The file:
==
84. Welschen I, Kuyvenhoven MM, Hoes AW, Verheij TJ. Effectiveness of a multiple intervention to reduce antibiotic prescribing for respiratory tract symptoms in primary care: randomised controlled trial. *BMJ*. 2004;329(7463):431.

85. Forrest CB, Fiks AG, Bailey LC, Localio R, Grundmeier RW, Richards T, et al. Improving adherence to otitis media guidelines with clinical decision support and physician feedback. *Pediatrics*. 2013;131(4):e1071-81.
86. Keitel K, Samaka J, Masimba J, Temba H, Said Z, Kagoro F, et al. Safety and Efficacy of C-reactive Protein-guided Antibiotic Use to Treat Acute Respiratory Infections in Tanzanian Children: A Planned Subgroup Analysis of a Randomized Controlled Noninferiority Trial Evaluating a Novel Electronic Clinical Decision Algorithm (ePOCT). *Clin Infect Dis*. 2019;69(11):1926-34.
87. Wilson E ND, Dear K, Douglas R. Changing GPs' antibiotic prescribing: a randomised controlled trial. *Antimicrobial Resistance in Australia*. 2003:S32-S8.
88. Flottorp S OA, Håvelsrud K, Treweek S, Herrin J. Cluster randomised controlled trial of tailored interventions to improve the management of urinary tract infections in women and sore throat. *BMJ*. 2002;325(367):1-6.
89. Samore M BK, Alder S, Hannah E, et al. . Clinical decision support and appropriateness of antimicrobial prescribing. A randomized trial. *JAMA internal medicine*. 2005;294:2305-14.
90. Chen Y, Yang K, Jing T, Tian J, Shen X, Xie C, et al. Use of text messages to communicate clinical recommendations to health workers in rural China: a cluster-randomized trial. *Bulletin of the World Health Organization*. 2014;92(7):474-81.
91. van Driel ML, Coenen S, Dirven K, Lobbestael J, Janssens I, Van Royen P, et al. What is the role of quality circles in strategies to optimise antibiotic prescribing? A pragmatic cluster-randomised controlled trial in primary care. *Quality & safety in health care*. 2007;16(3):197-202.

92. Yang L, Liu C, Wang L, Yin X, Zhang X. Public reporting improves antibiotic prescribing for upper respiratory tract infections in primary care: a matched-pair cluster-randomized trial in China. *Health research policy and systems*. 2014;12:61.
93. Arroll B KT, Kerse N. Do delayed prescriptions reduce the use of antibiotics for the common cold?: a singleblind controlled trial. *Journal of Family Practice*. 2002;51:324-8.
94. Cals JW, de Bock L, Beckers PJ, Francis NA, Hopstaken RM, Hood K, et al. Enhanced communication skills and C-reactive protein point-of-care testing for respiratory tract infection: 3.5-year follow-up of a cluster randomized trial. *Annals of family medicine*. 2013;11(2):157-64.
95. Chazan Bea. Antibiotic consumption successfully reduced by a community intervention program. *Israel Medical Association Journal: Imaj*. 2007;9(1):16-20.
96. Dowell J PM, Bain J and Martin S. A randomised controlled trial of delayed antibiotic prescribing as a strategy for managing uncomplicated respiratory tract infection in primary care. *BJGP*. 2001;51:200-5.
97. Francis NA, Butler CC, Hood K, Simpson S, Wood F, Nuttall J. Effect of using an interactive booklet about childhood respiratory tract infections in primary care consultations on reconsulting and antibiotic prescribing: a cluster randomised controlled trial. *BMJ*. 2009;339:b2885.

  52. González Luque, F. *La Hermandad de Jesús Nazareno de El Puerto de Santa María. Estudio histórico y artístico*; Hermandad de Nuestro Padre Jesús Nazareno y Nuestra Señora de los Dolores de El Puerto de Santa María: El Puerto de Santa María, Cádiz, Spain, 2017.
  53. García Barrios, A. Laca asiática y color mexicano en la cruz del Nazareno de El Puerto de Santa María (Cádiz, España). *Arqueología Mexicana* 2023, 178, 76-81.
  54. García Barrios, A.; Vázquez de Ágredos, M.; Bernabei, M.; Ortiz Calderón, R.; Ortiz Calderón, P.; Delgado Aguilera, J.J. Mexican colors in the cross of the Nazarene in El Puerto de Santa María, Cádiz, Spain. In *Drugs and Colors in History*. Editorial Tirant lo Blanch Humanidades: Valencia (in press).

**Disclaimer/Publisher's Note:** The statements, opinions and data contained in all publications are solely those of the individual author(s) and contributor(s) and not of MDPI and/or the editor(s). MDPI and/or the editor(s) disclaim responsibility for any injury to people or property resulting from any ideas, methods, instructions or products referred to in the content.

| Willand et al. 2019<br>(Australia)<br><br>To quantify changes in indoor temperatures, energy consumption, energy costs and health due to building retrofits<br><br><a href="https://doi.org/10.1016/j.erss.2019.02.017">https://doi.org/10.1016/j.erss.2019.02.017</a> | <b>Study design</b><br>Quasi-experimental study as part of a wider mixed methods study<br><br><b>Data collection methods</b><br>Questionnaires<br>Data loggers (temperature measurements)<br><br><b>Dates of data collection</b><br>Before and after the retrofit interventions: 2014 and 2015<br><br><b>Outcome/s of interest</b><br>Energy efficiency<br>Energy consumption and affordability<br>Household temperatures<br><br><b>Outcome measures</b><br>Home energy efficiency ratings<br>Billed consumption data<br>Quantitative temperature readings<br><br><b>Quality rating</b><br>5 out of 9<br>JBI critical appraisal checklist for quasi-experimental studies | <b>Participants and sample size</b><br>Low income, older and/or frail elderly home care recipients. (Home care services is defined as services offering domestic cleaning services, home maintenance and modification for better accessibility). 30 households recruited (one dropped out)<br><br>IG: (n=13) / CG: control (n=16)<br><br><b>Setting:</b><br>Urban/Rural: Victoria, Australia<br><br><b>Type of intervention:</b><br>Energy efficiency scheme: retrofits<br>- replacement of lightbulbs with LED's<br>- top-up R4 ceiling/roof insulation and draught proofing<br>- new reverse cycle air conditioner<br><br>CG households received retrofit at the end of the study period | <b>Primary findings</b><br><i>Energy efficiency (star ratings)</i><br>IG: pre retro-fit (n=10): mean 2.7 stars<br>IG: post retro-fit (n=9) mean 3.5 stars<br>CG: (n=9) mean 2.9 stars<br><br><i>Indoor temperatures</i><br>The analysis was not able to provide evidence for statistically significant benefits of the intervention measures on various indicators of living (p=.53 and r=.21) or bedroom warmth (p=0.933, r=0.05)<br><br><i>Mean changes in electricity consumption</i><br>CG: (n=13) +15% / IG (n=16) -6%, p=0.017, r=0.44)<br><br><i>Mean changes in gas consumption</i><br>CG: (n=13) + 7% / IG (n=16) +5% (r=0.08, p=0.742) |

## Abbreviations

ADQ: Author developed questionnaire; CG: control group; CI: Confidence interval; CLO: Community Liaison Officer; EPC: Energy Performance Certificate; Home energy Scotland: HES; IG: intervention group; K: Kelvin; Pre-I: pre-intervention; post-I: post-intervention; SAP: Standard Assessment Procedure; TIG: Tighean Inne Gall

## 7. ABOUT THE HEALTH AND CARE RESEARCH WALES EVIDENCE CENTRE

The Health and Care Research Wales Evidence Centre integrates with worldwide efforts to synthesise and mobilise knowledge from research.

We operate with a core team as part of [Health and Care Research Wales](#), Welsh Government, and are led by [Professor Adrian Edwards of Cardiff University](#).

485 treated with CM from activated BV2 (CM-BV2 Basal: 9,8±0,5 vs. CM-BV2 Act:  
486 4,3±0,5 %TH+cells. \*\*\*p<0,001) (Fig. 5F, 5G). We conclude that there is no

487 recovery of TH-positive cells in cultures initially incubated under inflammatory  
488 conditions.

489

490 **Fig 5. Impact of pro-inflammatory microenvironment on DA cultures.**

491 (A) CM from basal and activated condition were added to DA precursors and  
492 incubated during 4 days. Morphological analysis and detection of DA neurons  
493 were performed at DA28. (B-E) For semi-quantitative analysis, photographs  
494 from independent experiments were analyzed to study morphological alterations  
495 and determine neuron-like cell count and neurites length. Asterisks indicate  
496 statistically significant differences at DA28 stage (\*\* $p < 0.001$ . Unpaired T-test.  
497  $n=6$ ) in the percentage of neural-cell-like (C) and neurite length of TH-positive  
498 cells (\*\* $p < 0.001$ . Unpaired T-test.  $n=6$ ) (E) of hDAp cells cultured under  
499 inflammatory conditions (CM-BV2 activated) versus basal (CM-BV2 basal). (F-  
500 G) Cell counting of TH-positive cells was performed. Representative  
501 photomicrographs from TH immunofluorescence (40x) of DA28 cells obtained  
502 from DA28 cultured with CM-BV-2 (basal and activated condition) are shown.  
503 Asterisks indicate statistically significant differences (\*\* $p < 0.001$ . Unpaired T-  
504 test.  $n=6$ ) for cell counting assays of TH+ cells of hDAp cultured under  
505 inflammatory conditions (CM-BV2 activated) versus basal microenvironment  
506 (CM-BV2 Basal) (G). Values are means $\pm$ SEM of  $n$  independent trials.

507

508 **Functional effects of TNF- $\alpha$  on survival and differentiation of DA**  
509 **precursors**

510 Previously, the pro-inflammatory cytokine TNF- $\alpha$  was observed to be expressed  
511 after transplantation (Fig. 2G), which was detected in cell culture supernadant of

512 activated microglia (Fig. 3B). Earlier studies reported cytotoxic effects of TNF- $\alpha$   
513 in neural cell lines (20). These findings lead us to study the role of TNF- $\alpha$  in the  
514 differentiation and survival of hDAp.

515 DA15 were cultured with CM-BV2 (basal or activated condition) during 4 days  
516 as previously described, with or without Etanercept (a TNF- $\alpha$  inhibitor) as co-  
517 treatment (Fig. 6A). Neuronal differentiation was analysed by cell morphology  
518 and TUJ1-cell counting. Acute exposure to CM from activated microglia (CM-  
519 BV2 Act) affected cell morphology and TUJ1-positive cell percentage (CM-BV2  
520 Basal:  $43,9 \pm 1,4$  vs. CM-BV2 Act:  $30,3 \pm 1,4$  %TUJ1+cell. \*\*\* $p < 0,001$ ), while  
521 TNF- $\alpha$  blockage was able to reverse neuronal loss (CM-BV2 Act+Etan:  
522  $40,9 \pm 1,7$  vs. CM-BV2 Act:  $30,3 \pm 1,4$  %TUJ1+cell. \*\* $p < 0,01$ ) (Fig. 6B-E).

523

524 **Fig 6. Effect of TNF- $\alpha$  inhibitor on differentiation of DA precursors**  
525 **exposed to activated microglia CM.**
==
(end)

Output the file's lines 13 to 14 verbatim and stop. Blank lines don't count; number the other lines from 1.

96. Dowell J PM, Bain J and Martin S. A randomised controlled trial of delayed antibiotic prescribing as a strategy for managing uncomplicated respiratory tract infection in primary care. *BJGP*. 2001;51:200-5.
97. Francis NA, Butler CC, Hood K, Simpson S, Wood F, Nuttall J. Effect of using an interactive booklet about childhood respiratory tract infections in primary care consultations on reconsulting and antibiotic prescribing: a cluster randomised controlled trial. *BMJ*. 2009;339:b2885.